It Arrives

It arrives again, that old weight washing over me. I’m not often lonely, but this evening it has a vise around me.

Around me, my apartment shows serious neglect. The mess is amplifying the misery. I should have gotten up from the sofa to make dinner hours ago. Instead I chose to eat a piece of lunchmeat and some fruit snacks around 6 pm.

Things will not stay this way. Soon, my back will heal, my heart will follow. Very soon, I will start dating the gym again, invest in those black out shades for my bedroom I keep putting off getting, start my ukulele lessons, all the things I need to do to take care of myself.

I always prevail.

But I’m allowed to let sadness take over tonight. Tomorrow I will chase it off with a broom.


Night Geography

The empty side of the bed is what undoes me, has me scratching at the open landscape of the bedsheet, tracing masochistic maps from here to there.

I shall make the center of the bed my new home.

Begin Again

The day you leave I put on a white dress and sit false daisies over my crown so that when you think of me later, you will remember me in white. I have a notion that this image will seep into you and I will be the memory that wins. I will loom large in your miserable memories of Chicago, the only circle of light.

I don’t need to put on the white dress or pull the daisies over my crown because I have already succeeded in being remembered this way. You have told me that I peeled back your layers, that you’ve never felt safe with any one else, that I saved your life, your manic pixie dream girl. I have helped you see that life is a grand and beautiful story that the stars design and author with us all.

You’ve asked me to come with you to Portland multiple times, where you say life will be made entirely of candy floss.

You say that because of your excellent new job, I wouldn’t have to work right way, maybe not even for a year. What could be better than being a librarian in the land of Beverly Cleary, my personal goddess? And who knows what would happen in a year? We could have dandelion haired babies, three, you suggest, though you’re frightened of passing on your genes to anyone. We would have a pug named Pig and two bulldogs named Mewtant and Mootant. We would be safe and we would be warm. Winter doesn’t come to Portland, not really.

It’s a delicious little dream, once I hold in my palm and admire to distraction, but don’t bother studying.

We both know I won’t go.

The day you leave I wake up next to you and cry out in pain, my back contorted in a fierce knot after the stress of such a horrible week has finally caught up with me. Later, I lay gingerly back on my fainting couch barefoot in the white dress, trying to ignore the pain and read Loose Woman, the spring breeze stirring the room through my window. I know the poems by heart, so I mostly just stare at the text as you work behind me at the table, making last minute arrangements for the move.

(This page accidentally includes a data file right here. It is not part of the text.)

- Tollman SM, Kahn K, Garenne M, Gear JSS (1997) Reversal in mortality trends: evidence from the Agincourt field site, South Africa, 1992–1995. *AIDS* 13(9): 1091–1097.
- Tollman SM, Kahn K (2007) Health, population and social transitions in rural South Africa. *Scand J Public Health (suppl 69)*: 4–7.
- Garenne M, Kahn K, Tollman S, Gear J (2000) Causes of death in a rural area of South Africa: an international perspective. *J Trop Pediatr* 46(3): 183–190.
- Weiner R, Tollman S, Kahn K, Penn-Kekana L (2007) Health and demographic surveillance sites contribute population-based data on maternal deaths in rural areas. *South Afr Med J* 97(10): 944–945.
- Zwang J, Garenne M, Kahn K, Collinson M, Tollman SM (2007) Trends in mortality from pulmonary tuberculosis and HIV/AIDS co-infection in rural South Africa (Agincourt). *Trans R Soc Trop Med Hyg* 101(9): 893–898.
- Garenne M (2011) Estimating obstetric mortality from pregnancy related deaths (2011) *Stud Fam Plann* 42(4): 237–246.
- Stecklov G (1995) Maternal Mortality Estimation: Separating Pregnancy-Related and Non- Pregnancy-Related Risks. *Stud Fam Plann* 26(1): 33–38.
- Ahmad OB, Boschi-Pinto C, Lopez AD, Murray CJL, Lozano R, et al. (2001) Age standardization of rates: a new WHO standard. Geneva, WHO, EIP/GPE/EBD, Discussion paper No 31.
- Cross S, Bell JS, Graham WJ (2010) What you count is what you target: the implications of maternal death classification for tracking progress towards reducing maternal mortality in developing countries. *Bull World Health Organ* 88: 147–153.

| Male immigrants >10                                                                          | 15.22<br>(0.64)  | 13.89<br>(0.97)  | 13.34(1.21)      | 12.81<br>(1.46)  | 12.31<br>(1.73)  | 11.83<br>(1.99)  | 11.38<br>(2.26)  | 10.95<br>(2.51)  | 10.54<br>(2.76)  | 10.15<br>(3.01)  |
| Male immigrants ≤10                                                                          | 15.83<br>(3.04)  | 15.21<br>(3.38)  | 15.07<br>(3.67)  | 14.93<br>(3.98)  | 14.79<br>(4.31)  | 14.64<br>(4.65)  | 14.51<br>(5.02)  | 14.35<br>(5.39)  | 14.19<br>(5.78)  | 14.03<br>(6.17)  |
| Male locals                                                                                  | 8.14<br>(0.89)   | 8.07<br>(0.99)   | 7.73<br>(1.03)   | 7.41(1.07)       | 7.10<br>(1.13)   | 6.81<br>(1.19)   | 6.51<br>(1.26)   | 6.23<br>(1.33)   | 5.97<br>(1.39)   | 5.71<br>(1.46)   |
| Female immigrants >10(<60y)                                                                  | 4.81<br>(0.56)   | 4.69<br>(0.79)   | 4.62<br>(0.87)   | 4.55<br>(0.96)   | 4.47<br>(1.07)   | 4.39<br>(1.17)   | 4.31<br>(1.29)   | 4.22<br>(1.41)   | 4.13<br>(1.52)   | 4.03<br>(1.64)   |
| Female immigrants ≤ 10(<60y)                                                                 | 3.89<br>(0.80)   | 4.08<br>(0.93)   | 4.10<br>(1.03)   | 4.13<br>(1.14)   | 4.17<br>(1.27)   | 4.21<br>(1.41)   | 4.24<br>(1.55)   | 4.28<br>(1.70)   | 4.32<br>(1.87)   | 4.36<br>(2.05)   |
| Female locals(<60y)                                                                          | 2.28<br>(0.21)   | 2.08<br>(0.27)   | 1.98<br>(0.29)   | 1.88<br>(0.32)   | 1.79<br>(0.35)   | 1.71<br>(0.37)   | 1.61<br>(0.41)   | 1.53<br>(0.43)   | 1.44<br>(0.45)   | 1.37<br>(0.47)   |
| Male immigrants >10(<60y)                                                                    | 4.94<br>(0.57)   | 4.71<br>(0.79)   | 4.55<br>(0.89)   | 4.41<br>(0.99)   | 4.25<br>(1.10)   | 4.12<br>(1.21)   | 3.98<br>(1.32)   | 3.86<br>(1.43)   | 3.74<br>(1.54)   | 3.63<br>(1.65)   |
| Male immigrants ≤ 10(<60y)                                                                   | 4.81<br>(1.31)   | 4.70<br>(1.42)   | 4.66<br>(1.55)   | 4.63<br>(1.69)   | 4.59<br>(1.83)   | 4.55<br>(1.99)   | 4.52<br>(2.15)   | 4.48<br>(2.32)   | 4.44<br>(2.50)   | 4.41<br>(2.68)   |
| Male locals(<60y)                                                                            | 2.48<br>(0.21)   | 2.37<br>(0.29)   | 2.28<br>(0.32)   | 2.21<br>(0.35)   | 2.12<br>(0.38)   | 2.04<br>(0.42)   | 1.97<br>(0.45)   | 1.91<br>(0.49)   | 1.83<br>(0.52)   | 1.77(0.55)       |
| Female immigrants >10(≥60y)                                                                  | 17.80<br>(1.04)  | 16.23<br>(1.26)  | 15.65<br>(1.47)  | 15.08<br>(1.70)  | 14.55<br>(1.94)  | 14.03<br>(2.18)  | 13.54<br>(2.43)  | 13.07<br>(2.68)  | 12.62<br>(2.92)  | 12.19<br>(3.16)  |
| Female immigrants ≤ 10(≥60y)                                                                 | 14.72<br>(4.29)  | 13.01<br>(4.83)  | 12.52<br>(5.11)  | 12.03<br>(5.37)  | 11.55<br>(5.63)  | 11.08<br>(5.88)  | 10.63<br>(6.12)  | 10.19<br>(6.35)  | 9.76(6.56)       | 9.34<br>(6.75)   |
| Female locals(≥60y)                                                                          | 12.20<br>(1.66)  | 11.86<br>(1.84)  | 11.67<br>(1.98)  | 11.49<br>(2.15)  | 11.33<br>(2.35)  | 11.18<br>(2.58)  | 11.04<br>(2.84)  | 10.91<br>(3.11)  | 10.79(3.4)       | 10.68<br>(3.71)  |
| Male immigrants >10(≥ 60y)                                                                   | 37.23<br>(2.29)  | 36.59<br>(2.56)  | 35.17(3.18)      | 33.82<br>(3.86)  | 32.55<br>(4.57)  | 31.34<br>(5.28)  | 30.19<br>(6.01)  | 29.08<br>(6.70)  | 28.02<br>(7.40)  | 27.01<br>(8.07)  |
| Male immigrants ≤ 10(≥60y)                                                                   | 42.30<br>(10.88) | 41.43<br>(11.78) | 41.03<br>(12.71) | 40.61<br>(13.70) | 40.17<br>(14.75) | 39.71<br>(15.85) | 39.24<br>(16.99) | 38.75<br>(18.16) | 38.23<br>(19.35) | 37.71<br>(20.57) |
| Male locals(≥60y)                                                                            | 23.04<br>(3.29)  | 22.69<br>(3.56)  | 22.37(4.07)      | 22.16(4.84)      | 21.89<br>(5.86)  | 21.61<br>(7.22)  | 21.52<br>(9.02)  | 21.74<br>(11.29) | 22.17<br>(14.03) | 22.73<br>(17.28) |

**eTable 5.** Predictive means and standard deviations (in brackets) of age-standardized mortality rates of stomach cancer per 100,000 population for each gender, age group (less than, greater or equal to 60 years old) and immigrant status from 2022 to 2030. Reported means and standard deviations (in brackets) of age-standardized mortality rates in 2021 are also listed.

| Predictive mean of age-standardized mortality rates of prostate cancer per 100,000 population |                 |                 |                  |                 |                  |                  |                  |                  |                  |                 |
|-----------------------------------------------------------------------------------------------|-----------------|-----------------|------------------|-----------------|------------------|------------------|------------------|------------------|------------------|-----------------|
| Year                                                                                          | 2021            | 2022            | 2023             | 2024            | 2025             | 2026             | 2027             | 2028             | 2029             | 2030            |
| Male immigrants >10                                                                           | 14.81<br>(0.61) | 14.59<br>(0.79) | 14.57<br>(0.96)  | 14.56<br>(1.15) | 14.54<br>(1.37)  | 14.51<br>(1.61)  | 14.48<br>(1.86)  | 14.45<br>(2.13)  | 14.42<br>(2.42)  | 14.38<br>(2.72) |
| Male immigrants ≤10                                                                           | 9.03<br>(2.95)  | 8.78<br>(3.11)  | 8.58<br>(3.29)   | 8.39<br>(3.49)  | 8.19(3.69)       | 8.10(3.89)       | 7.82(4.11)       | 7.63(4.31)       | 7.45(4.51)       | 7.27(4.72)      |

It is too sunny.

I stare alonedom in its face as I skim “Thing In My Shoe”. I was alone for such a short time in my pretty little first apartment before you came into the picture. I am good at being alone, and relish it, but today it hurts to look at. Today I am not particularly interested in being brave, and I know this is okay. But I’d like to feel strong and in control, return to conversations with myself, depend on my own hands and hours. Be good at it again.

You leave to go to the car. You’ll be right back for the dreadful thing we must do together, the thing we don’t want to face. I run my eyes over poems absently.

“This me that is me that is mine all mine” whispers Sandra from the page

And I breathe in, get up when you return, cry with you at my front door, wet the front of your red shirt, the tear stains burgundy, kiss your knuckles, say the right things: “I don’t say goodbye, I say thank you, ” and “You are not losing me, we are just changing,” because we will still be friends and call each other Piggy and Moo and Pugsly, you’ll just be there and I will be here.

You linger. I finally nudge you away, exhausted with this feeling. My last image of you is hearbreaking, your eyes swimming, a pause in your step but it is still a step away, away.

I crumple against the closed door for a few minutes, until I’ve heard you blow your nose down the stairs, you pass through the courtyard. I sit on the sofa and blink around me at this sun-filled room like I’m seeing for the first time. This return to me myself that is mine is overshadowed by the growing pains that are assaulting me.

I spend the rest of the day at the chiropractor, in a block long line to see Sandra Cisneros at the Mexican art museum without getting to see her, in a broken bundle in my parents bed that they forfeit to my pain and quiet grief. I miss you already, badly. Every time I eat I get sick, my middle seizing on itself. This misery continues into the next day, sending me home from work after three hours.

But the next day, I bake olive bread that I must knead three times, which feels like a special and magic number that will save me, and I light a fresh candle.

This is the day I begin again.



I’ve lived alone for a little over two weeks. A lot has gone down since my first night here: spiders and greasy cabinets and broken bicycles and I don’t know how to properly open a bottle of wine, oh my!

But mostly, it has been this: open windows, flowers in tea tins, berries in bowls, walls of books, organic butter, personal bottles of wine, delicious moments of wonder at this sanctuary